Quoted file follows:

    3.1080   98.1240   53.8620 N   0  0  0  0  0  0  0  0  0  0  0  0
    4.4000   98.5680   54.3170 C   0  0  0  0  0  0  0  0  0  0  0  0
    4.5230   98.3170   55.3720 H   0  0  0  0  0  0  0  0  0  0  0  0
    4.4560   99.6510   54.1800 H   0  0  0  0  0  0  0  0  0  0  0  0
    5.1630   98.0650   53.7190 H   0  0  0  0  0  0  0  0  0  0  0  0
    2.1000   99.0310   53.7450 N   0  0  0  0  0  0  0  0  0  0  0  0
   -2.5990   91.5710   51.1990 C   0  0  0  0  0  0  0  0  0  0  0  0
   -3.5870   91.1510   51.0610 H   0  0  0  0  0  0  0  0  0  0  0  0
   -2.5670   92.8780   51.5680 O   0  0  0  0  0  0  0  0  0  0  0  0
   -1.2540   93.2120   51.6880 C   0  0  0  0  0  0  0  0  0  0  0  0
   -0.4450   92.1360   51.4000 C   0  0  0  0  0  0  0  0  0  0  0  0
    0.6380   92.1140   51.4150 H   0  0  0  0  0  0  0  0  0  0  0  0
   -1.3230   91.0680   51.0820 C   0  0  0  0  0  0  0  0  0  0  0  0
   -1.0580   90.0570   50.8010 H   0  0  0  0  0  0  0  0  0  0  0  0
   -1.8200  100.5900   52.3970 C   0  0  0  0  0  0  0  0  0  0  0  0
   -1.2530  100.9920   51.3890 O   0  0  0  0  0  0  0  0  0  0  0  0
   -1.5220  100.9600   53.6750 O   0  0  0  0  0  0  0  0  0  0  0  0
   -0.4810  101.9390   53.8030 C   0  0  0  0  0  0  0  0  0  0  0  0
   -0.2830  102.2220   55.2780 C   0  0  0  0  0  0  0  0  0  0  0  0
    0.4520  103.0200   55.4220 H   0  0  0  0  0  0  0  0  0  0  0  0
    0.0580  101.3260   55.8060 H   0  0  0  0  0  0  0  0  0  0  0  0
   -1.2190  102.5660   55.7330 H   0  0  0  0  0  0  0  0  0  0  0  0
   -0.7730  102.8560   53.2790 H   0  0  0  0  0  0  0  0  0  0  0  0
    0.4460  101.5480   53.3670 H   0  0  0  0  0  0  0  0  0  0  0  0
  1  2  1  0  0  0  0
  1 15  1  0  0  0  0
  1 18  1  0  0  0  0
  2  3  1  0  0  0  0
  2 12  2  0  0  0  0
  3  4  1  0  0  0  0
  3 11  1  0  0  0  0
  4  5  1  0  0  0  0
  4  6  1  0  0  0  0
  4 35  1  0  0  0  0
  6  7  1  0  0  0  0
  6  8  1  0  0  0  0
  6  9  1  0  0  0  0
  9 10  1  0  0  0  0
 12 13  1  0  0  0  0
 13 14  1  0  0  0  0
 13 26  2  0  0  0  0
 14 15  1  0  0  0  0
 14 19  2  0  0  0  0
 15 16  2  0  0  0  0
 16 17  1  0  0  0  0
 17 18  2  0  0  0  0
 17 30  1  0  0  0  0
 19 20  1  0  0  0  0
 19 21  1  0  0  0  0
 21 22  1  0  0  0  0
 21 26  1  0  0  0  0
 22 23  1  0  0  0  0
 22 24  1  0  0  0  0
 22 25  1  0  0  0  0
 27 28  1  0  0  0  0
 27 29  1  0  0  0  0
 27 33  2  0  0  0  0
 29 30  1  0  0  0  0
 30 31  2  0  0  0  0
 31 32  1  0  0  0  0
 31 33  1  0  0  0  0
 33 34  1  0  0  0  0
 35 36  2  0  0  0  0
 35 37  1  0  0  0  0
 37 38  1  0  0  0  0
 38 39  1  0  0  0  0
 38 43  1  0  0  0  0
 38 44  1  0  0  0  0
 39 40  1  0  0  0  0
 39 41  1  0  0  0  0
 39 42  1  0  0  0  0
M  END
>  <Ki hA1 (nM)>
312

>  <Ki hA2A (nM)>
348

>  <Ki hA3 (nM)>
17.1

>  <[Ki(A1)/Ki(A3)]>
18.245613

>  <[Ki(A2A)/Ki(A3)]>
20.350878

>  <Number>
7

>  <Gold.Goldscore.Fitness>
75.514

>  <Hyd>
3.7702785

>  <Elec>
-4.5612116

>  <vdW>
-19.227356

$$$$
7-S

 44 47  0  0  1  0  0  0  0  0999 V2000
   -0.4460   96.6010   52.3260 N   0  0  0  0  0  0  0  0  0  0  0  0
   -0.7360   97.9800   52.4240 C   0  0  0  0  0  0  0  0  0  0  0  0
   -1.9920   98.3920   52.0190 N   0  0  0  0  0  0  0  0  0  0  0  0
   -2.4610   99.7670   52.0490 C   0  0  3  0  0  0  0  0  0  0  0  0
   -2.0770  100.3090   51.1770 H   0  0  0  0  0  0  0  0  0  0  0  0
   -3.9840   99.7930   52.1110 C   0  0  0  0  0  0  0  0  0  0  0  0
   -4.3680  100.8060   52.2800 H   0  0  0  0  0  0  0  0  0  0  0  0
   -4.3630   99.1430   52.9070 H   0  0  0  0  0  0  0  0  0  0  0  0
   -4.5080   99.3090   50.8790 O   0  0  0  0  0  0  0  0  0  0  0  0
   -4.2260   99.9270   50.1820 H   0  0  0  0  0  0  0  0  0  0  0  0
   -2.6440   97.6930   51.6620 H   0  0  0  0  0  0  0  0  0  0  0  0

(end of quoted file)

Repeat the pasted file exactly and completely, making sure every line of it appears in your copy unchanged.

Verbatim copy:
    3.1080   98.1240   53.8620 N   0  0  0  0  0  0  0  0  0  0  0  0
    4.4000   98.5680   54.3170 C   0  0  0  0  0  0  0  0  0  0  0  0
    4.5230   98.3170   55.3720 H   0  0  0  0  0  0  0  0  0  0  0  0
    4.4560   99.6510   54.1800 H   0  0  0  0  0  0  0  0  0  0  0  0
    5.1630   98.0650   53.7190 H   0  0  0  0  0  0  0  0  0  0  0  0
    2.1000   99.0310   53.7450 N   0  0  0  0  0  0  0  0  0  0  0  0
   -2.5990   91.5710   51.1990 C   0  0  0  0  0  0  0  0  0  0  0  0
   -3.5870   91.1510   51.0610 H   0  0  0  0  0  0  0  0  0  0  0  0
   -2.5670   92.8780   51.5680 O   0  0  0  0  0  0  0  0  0  0  0  0
   -1.2540   93.2120   51.6880 C   0  0  0  0  0  0  0  0  0  0  0  0
   -0.4450   92.1360   51.4000 C   0  0  0  0  0  0  0  0  0  0  0  0
    0.6380   92.1140   51.4150 H   0  0  0  0  0  0  0  0  0  0  0  0
   -1.3230   91.0680   51.0820 C   0  0  0  0  0  0  0  0  0  0  0  0
   -1.0580   90.0570   50.8010 H   0  0  0  0  0  0  0  0  0  0  0  0
   -1.8200  100.5900   52.3970 C   0  0  0  0  0  0  0  0  0  0  0  0
   -1.2530  100.9920   51.3890 O   0  0  0  0  0  0  0  0  0  0  0  0
   -1.5220  100.9600   53.6750 O   0  0  0  0  0  0  0  0  0  0  0  0
   -0.4810  101.9390   53.8030 C   0  0  0  0  0  0  0  0  0  0  0  0
   -0.2830  102.2220   55.2780 C   0  0  0  0  0  0  0  0  0  0  0  0
    0.4520  103.0200   55.4220 H   0  0  0  0  0  0  0  0  0  0  0  0
    0.0580  101.3260   55.8060 H   0  0  0  0  0  0  0  0  0  0  0  0
   -1.2190  102.5660   55.7330 H   0  0  0  0  0  0  0  0  0  0  0  0
   -0.7730  102.8560   53.2790 H   0  0  0  0  0  0  0  0  0  0  0  0
    0.4460  101.5480   53.3670 H   0  0  0  0  0  0  0  0  0  0  0  0
  1  2  1  0  0  0  0
  1 15  1  0  0  0  0
  1 18  1  0  0  0  0
  2  3  1  0  0  0  0
  2 12  2  0  0  0  0
  3  4  1  0  0  0  0
  3 11  1  0  0  0  0
  4  5  1  0  0  0  0
  4  6  1  0  0  0  0
  4 35  1  0  0  0  0
  6  7  1  0  0  0  0
  6  8  1  0  0  0  0
  6  9  1  0  0  0  0
  9 10  1  0  0  0  0
 12 13  1  0  0  0  0
 13 14  1  0  0  0  0
 13 26  2  0  0  0  0
 14 15  1  0  0  0  0
 14 19  2  0  0  0  0
 15 16  2  0  0  0  0
 16 17  1  0  0  0  0
 17 18  2  0  0  0  0
 17 30  1  0  0  0  0
 19 20  1  0  0  0  0
 19 21  1  0  0  0  0
 21 22  1  0  0  0  0
 21 26  1  0  0  0  0
 22 23  1  0  0  0  0
 22 24  1  0  0  0  0
 22 25  1  0  0  0  0
 27 28  1  0  0  0  0
 27 29  1  0  0  0  0
 27 33  2  0  0  0  0
 29 30  1  0  0  0  0
 30 31  2  0  0  0  0
 31 32  1  0  0  0  0
 31 33  1  0  0  0  0
 33 34  1  0  0  0  0
 35 36  2  0  0  0  0
 35 37  1  0  0  0  0
 37 38  1  0  0  0  0
 38 39  1  0  0  0  0
 38 43  1  0  0  0  0
 38 44  1  0  0  0  0
 39 40  1  0  0  0  0
 39 41  1  0  0  0  0
 39 42  1  0  0  0  0
M  END
>  <Ki hA1 (nM)>
312

>  <Ki hA2A (nM)>
348

>  <Ki hA3 (nM)>
17.1

>  <[Ki(A1)/Ki(A3)]>
18.245613

>  <[Ki(A2A)/Ki(A3)]>
20.350878

>  <Number>
7

>  <Gold.Goldscore.Fitness>
75.514

>  <Hyd>
3.7702785

>  <Elec>
-4.5612116

>  <vdW>
-19.227356

$$$$
7-S

 44 47  0  0  1  0  0  0  0  0999 V2000
   -0.4460   96.6010   52.3260 N   0  0  0  0  0  0  0  0  0  0  0  0
   -0.7360   97.9800   52.4240 C   0  0  0  0  0  0  0  0  0  0  0  0
   -1.9920   98.3920   52.0190 N   0  0  0  0  0  0  0  0  0  0  0  0
   -2.4610   99.7670   52.0490 C   0  0  3  0  0  0  0  0  0  0  0  0
   -2.0770  100.3090   51.1770 H   0  0  0  0  0  0  0  0  0  0  0  0
   -3.9840   99.7930   52.1110 C   0  0  0  0  0  0  0  0  0  0  0  0
   -4.3680  100.8060   52.2800 H   0  0  0  0  0  0  0  0  0  0  0  0
   -4.3630   99.1430   52.9070 H   0  0  0  0  0  0  0  0  0  0  0  0
   -4.5080   99.3090   50.8790 O   0  0  0  0  0  0  0  0  0  0  0  0
   -4.2260   99.9270   50.1820 H   0  0  0  0  0  0  0  0  0  0  0  0
   -2.6440   97.6930   51.6620 H   0  0  0  0  0  0  0  0  0  0  0  0